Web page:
Using vertical injection moulding machining for insert moulding

Typically, the insert moulding process can use any injection moulding technology, but it is often most successful when a vertical injection machine is used.

Working in much the same way as a horizontal injection system, the vertical option makes use of gravity to ensure that the mould is filled, and the thermoplastics are held in place before the cooling process begins. This ensures that the plastic wall is of equal thickness, without air bubbles or gaps.

Horizontal injection machines often require tight tolerances to ensure a quality finish, whereas the vertical machine produces better results without worrying about misalignment.

The process itself is relatively simple. The metal or preformed part is inserted into the mould before the vertical injector adds the molten plastic. The mould is closed, and the contents are allowed to cool before it is ejected, ready for the next stage in the production process.

What plastics can be used in the insert moulding process?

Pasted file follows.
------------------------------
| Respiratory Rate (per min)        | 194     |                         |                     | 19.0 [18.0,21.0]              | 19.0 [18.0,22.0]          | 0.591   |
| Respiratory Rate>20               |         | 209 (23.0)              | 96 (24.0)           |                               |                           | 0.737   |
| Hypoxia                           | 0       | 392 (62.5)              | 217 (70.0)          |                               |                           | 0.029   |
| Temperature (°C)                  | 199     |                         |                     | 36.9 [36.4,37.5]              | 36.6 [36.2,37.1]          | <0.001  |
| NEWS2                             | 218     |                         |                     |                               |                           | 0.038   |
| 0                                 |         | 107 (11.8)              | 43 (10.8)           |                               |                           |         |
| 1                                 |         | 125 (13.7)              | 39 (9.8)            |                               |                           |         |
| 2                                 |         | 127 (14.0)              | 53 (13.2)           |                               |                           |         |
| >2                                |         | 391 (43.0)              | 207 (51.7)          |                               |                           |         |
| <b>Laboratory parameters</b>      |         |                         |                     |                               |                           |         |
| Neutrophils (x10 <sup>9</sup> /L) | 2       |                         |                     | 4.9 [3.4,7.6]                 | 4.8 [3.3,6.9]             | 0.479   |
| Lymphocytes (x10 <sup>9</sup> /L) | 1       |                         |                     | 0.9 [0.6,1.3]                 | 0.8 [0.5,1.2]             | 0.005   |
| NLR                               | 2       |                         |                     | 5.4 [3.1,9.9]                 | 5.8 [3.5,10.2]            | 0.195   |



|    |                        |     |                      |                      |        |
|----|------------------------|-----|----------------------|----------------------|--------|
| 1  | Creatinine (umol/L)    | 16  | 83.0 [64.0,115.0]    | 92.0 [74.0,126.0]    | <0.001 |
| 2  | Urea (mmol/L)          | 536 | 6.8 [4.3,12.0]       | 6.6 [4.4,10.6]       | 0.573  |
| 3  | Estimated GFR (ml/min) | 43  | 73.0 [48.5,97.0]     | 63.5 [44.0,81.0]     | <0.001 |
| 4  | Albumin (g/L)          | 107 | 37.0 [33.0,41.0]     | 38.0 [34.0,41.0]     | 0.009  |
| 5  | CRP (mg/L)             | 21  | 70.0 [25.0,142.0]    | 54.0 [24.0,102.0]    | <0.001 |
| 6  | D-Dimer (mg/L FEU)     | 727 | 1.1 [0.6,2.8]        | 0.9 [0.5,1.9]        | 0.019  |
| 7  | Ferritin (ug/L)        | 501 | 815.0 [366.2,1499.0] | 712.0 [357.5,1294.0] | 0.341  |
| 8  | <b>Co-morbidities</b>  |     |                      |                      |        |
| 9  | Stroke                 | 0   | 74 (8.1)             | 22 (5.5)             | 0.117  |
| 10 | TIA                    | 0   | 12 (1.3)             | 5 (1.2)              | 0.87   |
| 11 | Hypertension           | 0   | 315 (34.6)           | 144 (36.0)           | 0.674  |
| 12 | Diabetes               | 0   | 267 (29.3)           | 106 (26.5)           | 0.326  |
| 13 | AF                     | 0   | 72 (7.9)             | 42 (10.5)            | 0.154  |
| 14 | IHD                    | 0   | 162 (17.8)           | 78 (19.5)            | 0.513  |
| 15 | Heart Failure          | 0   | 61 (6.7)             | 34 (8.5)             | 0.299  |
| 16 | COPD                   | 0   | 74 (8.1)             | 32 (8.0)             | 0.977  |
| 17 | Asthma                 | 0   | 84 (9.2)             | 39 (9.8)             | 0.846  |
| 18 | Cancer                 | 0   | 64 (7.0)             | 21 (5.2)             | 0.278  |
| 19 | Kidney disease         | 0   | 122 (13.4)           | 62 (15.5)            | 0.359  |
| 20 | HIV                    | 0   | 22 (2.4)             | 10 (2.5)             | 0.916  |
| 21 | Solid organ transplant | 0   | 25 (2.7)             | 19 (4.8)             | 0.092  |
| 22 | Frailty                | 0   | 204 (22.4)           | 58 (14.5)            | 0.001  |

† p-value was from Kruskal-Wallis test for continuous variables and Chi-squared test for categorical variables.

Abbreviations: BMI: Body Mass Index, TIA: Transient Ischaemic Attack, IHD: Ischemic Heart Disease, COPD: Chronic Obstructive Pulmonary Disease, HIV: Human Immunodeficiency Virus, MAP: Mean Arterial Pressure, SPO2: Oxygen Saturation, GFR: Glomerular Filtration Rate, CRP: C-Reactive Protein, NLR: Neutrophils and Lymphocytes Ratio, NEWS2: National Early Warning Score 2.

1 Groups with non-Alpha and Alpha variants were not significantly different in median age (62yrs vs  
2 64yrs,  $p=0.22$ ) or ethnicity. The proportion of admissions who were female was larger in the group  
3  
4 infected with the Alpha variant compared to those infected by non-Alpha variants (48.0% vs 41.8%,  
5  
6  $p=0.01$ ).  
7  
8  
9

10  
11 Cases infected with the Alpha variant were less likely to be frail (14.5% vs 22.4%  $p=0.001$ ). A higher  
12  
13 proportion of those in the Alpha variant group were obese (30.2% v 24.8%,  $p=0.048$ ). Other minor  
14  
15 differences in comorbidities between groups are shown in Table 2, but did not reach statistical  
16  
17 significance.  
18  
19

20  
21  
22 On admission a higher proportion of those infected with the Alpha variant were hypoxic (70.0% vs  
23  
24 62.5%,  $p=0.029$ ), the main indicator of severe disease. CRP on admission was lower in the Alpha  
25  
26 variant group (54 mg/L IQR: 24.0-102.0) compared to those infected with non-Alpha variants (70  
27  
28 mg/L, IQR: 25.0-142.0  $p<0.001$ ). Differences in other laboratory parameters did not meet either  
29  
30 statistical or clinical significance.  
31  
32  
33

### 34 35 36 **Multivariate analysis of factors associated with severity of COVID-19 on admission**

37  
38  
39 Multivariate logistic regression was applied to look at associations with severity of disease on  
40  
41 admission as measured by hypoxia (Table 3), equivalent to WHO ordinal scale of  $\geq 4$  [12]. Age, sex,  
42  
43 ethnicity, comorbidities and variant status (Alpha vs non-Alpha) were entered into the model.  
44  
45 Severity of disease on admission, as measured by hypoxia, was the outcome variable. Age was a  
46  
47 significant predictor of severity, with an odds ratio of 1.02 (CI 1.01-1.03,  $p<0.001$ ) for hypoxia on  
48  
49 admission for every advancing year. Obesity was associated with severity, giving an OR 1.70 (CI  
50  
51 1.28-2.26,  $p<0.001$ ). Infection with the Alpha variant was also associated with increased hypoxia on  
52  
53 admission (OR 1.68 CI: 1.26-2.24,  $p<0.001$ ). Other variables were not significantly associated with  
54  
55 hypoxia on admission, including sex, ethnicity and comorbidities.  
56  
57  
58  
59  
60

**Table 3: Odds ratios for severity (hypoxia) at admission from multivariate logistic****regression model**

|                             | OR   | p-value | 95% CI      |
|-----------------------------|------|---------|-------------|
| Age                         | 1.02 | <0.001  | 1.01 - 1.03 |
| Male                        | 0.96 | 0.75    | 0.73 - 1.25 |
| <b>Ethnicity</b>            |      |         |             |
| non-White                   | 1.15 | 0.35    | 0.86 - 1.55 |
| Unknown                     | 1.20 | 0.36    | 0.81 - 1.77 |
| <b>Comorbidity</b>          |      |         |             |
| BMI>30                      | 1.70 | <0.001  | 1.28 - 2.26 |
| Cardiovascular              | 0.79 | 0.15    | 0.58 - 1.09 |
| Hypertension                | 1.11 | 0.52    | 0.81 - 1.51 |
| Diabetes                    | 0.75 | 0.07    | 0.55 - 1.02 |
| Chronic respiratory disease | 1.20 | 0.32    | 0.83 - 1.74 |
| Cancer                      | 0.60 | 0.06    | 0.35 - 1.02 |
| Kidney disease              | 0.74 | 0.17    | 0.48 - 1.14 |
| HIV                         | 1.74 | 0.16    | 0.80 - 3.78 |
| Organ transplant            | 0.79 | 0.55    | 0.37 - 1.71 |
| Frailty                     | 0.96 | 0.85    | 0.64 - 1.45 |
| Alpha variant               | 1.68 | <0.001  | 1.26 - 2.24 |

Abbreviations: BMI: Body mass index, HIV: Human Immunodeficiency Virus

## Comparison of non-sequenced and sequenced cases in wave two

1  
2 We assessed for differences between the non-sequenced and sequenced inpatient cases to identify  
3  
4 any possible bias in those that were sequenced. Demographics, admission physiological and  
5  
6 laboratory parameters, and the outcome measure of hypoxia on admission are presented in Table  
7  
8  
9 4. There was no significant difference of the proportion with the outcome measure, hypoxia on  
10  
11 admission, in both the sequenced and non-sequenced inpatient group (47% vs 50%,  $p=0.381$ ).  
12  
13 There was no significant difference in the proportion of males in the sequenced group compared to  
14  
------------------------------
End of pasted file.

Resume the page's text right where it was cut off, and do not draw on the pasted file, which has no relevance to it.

The insert moulding process can use a range of plastics, and even more than one type, in each mould. The thermoplastic used will depend entirely on the required finish and the function of the part for the end-user.

  • Acrylonitrile Butadiene Styrene (ABS) – lightweight, flexible, and opaque, ABS is commonly found in drain pipes, kitchen appliances and LEGOS.
  • Polycarbonate – transparent and lightweight, used in creating mobile phones, DVDs and larger products like greenhouse panels.
  • Polyethylene (HDPE/LDPE) – available in a range of densities, easily recyclable, and usually found in plastic bags and plastic bottles.
  • Polyamide (Nylon) – One of the most well-used thermoplastics, nylon can be found in medical and automotive applications and is often used in sports equipment, clothing and shoe production.

Benefits of insert moulding

Insert moulding has several simple and practical benefits that make it a good choice for both complex design ideas and high-volume production, including: